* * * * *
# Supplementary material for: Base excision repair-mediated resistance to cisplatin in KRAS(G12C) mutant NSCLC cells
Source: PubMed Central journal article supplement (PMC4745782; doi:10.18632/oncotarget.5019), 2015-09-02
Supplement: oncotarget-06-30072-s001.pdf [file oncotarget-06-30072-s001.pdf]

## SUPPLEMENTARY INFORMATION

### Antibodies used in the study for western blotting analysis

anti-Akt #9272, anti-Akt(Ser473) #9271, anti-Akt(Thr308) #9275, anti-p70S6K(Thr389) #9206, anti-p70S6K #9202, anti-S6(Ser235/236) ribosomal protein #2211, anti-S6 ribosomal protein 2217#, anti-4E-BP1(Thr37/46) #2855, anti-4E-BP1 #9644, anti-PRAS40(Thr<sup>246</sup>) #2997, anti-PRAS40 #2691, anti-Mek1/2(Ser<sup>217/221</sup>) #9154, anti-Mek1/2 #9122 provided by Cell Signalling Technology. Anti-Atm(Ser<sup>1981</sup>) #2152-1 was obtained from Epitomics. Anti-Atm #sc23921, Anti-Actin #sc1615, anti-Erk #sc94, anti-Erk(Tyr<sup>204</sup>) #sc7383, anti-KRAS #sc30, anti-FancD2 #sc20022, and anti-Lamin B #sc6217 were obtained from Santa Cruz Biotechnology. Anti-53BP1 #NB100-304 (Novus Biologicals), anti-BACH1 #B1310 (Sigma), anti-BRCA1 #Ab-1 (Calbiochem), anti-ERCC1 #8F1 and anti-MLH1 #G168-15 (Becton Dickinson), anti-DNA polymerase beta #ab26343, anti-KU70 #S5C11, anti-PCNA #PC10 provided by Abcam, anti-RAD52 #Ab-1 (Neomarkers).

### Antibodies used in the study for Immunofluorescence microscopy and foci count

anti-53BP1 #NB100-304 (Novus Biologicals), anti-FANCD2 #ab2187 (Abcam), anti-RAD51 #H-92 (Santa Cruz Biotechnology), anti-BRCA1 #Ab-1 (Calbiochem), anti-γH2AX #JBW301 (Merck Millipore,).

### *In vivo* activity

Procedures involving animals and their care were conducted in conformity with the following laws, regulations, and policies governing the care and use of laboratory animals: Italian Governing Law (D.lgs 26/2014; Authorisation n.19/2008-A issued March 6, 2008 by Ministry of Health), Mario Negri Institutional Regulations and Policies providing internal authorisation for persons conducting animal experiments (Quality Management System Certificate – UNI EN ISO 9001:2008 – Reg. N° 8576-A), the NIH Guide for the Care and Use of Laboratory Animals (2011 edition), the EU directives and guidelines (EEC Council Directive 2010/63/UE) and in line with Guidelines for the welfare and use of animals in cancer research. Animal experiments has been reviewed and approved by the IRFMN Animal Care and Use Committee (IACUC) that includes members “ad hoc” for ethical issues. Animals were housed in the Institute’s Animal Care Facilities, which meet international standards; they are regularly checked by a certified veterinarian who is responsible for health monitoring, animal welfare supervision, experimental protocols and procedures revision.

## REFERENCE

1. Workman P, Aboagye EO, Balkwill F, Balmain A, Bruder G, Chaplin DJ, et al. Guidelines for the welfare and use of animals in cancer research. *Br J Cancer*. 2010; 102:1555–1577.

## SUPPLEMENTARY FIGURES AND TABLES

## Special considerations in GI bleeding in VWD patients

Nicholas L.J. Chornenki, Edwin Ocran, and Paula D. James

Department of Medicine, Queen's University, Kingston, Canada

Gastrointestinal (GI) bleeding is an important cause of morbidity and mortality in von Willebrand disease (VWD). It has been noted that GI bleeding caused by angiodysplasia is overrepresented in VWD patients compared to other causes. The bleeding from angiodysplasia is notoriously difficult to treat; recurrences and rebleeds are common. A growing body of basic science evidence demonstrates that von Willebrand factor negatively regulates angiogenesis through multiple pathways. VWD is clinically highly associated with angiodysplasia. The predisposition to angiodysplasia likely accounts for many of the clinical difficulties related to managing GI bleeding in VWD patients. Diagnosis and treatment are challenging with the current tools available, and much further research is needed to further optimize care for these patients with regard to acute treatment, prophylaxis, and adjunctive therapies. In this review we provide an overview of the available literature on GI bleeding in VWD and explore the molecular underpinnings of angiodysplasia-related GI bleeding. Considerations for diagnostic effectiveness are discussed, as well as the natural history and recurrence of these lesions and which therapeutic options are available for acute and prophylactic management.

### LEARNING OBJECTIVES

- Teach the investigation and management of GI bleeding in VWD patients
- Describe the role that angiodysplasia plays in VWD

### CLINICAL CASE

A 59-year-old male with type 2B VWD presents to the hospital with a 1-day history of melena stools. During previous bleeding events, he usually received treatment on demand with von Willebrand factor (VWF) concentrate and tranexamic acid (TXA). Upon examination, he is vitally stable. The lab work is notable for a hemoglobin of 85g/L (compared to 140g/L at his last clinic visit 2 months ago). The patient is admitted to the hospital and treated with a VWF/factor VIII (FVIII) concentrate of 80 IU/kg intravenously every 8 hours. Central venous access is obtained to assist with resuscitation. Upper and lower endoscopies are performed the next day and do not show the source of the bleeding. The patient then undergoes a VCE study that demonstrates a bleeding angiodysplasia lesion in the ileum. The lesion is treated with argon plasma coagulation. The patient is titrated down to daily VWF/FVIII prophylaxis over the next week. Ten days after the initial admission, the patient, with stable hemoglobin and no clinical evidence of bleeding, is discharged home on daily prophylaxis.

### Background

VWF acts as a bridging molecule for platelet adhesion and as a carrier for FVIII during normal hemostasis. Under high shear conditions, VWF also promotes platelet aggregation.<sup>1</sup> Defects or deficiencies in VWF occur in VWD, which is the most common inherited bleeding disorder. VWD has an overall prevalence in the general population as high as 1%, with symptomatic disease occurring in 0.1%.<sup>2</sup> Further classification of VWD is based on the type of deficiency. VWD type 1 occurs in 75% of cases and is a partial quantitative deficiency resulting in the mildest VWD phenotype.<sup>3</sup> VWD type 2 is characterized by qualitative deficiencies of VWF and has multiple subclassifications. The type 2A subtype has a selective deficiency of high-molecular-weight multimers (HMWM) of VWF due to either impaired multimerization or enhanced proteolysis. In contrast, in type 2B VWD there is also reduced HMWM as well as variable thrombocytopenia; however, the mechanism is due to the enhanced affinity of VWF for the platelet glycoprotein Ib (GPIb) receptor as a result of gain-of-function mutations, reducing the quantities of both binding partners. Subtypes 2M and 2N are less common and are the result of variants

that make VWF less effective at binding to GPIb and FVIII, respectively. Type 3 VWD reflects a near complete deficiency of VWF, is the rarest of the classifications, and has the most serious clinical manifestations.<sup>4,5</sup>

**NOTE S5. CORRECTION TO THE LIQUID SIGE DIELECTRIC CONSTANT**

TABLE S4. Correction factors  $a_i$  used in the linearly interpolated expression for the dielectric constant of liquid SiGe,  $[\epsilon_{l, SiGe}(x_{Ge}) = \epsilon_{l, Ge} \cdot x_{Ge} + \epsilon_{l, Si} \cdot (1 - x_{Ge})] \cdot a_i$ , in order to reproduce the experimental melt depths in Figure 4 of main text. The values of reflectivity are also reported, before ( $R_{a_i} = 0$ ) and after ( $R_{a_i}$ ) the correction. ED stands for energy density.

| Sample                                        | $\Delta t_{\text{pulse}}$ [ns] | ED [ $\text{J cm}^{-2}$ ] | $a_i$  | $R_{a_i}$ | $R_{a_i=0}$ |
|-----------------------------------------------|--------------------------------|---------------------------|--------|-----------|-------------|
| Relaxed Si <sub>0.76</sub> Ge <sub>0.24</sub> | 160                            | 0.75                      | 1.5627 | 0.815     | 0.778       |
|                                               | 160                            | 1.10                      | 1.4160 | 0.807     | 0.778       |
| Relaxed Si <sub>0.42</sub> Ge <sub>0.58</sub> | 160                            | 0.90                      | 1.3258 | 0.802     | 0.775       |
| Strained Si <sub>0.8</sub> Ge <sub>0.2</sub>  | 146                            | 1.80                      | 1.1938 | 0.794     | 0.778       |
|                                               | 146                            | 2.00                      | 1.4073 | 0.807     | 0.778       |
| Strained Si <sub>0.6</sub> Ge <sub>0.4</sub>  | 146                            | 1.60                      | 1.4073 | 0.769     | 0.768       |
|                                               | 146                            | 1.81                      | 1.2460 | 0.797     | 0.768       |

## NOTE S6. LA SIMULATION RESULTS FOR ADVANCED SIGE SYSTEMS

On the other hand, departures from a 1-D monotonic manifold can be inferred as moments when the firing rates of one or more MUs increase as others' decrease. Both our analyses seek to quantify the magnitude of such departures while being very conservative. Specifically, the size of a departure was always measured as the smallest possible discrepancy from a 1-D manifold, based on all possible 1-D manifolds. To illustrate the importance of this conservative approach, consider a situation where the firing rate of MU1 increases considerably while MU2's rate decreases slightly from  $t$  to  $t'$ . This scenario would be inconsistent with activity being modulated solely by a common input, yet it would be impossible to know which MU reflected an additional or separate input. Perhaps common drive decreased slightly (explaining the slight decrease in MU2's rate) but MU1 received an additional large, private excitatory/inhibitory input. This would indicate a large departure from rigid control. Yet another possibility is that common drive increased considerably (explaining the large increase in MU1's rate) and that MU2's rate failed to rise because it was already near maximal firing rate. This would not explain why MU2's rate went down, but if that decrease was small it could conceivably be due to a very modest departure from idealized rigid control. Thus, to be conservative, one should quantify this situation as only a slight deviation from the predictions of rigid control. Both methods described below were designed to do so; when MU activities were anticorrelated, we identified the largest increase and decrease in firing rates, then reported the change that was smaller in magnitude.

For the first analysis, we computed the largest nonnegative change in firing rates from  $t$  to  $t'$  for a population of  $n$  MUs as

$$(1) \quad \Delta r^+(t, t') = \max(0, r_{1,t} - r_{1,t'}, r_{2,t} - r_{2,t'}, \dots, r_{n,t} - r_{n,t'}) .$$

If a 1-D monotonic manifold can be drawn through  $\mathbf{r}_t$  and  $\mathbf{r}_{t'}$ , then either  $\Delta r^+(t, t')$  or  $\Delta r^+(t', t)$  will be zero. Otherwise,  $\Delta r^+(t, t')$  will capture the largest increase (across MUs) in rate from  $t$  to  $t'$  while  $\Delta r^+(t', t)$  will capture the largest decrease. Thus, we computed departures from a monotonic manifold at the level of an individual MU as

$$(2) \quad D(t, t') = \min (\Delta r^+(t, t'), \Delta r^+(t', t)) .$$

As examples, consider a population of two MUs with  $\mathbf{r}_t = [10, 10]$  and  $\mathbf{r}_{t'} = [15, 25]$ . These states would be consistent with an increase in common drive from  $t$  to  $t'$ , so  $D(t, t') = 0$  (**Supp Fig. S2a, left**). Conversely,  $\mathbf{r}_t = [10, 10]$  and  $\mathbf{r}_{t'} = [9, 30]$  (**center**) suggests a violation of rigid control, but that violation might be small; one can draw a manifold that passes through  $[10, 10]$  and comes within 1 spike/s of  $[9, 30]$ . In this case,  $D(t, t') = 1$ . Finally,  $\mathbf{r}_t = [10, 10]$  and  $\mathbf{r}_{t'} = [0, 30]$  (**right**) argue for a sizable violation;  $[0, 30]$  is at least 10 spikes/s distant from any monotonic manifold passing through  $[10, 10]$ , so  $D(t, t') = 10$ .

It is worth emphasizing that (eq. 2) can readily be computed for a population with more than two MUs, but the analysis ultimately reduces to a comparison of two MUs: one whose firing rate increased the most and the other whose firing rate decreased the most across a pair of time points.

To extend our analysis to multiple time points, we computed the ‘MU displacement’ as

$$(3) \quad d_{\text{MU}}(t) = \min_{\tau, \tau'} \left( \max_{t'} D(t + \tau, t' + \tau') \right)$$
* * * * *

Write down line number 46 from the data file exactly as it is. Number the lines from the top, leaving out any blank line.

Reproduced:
$$(3) \quad d_{\text{MU}}(t) = \min_{\tau, \tau'} \left( \max_{t'} D(t + \tau, t' + \tau') \right)$$